Post Sun Mar 09, 2014 1:18 am

Posts: 9
Model: Solowheel
Manufacturer: Inventist
User Location: Tacoma Washington USA
Solowheeler wrote:
Wow Donald! That's quite the reply. I'm thinking of buying one of these contraptions and my age has a lot to do with it. I'm 53 and I'm intrigued but I'm not the most athletic individual but seeing that you're in your 60's is inspirational. Not sure if I can master this device as all people are different at all ages. I just want a challenge that's not gonna kill me. Lol


Well, I'm 55 and have a bad knee. I'm getting pretty comfortable with it after a week with only a few bumps and bruises. One the realities is that the SW is NOT inexpensive. For many folks it won't be until they reach our age that they have the discretionary income for something like this.

Go for it. I think you will enjoy it.

Post Fri Jun 06, 2014 10:44 pm
MvM

Posts: 115
Model: Solowheel
Manufacturer: Inventist
User Location: Rotterdam
Hi Guys,

I have just found out about this forum and am just lookin around to share my experiences and learn new things. My name is Maarten and I am from Rotterdam in the Netherlands.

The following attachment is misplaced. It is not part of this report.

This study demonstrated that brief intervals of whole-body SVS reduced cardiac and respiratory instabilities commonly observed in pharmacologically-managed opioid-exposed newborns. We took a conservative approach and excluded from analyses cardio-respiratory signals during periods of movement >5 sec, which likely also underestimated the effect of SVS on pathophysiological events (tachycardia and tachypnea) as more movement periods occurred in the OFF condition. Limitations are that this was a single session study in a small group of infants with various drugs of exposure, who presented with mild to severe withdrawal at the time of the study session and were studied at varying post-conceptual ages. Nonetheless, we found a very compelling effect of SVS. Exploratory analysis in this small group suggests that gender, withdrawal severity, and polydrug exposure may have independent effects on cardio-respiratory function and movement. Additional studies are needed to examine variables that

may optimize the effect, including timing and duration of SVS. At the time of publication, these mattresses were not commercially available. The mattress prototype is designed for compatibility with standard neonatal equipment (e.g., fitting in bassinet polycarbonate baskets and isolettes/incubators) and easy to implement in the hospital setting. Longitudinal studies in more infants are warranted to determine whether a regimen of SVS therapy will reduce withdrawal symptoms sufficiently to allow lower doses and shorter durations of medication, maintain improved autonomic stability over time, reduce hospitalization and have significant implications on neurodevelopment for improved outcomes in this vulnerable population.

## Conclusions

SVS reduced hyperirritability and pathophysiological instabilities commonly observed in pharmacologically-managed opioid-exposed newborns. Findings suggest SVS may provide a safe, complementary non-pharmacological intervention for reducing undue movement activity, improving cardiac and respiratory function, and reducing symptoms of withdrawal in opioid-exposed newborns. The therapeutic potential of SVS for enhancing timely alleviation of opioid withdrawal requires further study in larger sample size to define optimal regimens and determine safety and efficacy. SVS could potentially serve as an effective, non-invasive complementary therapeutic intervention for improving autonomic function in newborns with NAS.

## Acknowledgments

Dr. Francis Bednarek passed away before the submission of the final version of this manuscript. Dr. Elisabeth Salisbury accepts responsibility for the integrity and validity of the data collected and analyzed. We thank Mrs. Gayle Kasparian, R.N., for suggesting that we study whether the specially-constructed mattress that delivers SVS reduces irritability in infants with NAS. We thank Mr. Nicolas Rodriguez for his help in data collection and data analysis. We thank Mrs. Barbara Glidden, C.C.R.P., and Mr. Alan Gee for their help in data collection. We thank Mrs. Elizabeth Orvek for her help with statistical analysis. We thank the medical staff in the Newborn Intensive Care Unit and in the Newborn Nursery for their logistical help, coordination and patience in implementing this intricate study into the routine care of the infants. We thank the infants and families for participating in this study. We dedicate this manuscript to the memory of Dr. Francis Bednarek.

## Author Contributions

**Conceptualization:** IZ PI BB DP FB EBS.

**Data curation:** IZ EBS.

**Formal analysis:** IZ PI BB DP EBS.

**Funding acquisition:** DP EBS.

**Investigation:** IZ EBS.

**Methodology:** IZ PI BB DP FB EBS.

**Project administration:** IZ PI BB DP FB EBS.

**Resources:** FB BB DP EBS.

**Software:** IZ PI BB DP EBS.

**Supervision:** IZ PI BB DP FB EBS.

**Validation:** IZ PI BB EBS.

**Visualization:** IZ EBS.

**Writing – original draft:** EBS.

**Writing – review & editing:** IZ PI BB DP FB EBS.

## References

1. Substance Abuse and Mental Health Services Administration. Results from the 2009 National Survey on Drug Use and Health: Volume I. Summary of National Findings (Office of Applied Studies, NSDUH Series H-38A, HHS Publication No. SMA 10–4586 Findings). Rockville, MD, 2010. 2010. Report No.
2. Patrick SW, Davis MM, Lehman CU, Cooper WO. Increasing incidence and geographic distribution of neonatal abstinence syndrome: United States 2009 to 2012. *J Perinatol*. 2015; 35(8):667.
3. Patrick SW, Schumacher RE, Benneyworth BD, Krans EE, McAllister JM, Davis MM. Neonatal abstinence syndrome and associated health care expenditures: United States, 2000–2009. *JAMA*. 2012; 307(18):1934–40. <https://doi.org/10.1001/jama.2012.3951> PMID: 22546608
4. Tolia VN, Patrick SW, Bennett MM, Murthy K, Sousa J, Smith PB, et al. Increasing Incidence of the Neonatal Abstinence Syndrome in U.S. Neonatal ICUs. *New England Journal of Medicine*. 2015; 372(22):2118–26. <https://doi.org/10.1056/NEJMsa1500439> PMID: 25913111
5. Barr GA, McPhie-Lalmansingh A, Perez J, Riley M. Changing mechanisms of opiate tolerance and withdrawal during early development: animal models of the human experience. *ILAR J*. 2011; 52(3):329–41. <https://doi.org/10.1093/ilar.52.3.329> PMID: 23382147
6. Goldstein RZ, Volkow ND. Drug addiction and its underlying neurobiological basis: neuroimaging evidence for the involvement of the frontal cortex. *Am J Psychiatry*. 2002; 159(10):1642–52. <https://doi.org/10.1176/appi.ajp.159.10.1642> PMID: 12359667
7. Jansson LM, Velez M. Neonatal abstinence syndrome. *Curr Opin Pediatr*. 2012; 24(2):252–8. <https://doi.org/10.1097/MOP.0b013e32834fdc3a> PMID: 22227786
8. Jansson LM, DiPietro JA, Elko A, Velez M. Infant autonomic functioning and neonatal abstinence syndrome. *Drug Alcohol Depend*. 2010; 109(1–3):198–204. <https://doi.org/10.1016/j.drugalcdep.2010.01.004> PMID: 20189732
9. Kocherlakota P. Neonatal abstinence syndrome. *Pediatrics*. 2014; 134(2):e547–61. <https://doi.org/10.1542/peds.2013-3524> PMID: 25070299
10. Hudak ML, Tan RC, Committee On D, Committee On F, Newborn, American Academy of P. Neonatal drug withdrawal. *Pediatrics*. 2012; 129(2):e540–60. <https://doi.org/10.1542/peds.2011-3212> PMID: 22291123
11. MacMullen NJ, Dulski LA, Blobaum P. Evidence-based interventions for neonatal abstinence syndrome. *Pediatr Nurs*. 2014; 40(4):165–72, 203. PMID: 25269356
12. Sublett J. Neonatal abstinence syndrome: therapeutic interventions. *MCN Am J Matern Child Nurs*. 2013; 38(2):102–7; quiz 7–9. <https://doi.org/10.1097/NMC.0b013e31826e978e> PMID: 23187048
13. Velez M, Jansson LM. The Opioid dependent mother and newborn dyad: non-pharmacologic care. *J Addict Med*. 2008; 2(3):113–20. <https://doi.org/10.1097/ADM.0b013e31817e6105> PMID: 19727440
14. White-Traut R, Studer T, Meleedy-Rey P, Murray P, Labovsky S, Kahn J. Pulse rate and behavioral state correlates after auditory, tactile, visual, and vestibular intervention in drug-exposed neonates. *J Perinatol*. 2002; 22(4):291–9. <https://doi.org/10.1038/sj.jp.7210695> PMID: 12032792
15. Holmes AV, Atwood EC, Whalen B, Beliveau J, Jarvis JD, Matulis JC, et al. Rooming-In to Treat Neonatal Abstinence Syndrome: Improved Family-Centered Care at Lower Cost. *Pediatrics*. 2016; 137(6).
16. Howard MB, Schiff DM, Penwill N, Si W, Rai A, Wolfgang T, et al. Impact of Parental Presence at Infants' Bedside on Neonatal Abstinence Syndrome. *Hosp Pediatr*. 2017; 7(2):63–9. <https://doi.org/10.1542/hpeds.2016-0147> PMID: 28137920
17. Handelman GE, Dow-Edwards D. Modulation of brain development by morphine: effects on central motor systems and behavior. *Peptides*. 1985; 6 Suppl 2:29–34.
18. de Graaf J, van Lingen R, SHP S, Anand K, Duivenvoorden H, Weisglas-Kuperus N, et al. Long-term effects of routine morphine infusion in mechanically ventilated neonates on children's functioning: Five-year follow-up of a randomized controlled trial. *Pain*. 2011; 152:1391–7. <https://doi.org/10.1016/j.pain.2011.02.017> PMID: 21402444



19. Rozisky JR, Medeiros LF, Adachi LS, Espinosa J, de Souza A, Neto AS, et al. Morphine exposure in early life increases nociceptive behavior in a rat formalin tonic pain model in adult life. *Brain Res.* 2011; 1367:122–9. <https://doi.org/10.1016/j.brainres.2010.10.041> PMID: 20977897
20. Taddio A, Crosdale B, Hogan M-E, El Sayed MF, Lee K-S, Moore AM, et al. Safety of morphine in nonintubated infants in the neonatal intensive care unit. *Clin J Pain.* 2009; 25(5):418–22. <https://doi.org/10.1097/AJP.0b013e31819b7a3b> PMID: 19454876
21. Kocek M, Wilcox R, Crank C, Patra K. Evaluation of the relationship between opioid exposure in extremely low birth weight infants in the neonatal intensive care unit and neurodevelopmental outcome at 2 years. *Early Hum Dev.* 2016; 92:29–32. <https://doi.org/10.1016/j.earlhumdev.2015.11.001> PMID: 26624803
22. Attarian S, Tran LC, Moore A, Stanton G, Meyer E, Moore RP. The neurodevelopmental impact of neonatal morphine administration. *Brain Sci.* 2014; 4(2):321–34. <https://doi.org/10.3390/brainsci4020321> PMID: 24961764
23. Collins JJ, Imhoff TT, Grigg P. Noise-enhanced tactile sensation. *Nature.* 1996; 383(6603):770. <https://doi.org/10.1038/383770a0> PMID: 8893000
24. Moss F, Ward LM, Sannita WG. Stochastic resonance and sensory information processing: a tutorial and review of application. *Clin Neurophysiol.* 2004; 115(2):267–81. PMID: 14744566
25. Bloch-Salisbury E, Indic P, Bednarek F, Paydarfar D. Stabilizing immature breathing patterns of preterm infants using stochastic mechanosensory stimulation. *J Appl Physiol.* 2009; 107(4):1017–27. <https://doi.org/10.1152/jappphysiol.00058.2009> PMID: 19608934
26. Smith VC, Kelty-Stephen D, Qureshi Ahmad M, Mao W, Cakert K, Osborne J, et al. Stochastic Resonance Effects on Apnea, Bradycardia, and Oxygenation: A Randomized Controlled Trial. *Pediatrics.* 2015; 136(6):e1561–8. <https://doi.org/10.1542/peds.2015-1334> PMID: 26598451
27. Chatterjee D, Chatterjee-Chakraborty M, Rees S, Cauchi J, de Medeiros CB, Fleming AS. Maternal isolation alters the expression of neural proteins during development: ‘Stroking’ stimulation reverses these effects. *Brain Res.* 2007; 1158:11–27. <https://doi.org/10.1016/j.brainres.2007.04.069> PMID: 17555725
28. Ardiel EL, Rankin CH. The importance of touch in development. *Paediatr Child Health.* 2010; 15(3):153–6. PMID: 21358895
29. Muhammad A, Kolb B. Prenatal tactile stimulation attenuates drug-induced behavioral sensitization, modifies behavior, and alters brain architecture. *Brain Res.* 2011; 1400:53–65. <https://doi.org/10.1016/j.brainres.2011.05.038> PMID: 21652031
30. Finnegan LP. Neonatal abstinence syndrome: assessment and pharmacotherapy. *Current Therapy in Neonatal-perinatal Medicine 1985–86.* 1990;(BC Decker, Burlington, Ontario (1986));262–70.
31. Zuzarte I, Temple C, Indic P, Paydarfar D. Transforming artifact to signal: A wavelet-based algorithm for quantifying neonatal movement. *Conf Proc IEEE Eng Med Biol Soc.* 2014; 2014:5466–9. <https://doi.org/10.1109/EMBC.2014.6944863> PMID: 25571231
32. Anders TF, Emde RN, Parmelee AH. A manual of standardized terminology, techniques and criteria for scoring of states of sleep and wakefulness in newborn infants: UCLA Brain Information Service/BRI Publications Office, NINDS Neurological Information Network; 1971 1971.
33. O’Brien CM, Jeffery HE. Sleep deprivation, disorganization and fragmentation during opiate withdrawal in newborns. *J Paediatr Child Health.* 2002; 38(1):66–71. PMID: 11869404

I have had my Solowheel only since last Tuesday night. That same night I charged it for one hour and took it to my parking garage which is conventiently next to my appartment block and which is mostly empty.

Started out by just leaning agains the wall, getting on the Solowheel while using the practice strap.
First, wobling back and forth to the get a feel for the balance and then very slowly started to move forwared.
I did this for more than an hour, at times trying to get on the SW without support.
That first 1.5 hours was really difficult. I fell down a couple of times and one time badly, twisting my leg (it still hurts a little, but only when I walk, not on the SW :) )
However, at one point I managed to travel about 30 yeard without falling down, although I did not go in the direction I wanted. But 30 minutes later I was continuously running circles around the garage (about 200 yards each) and did this for about 10-12 laps.
Wednesday, I continued practicing in the garage. Every time I got unbalanced I stepped off and one time fell down. Practised going slowly because that is more difficult.
Thursday, yesterday, I practiced 30 minutes in the garage, then decided to go outside and try the sidewalk and street. This was a BIG difference. The garage is extremely smooth, the street and sidewalk is not.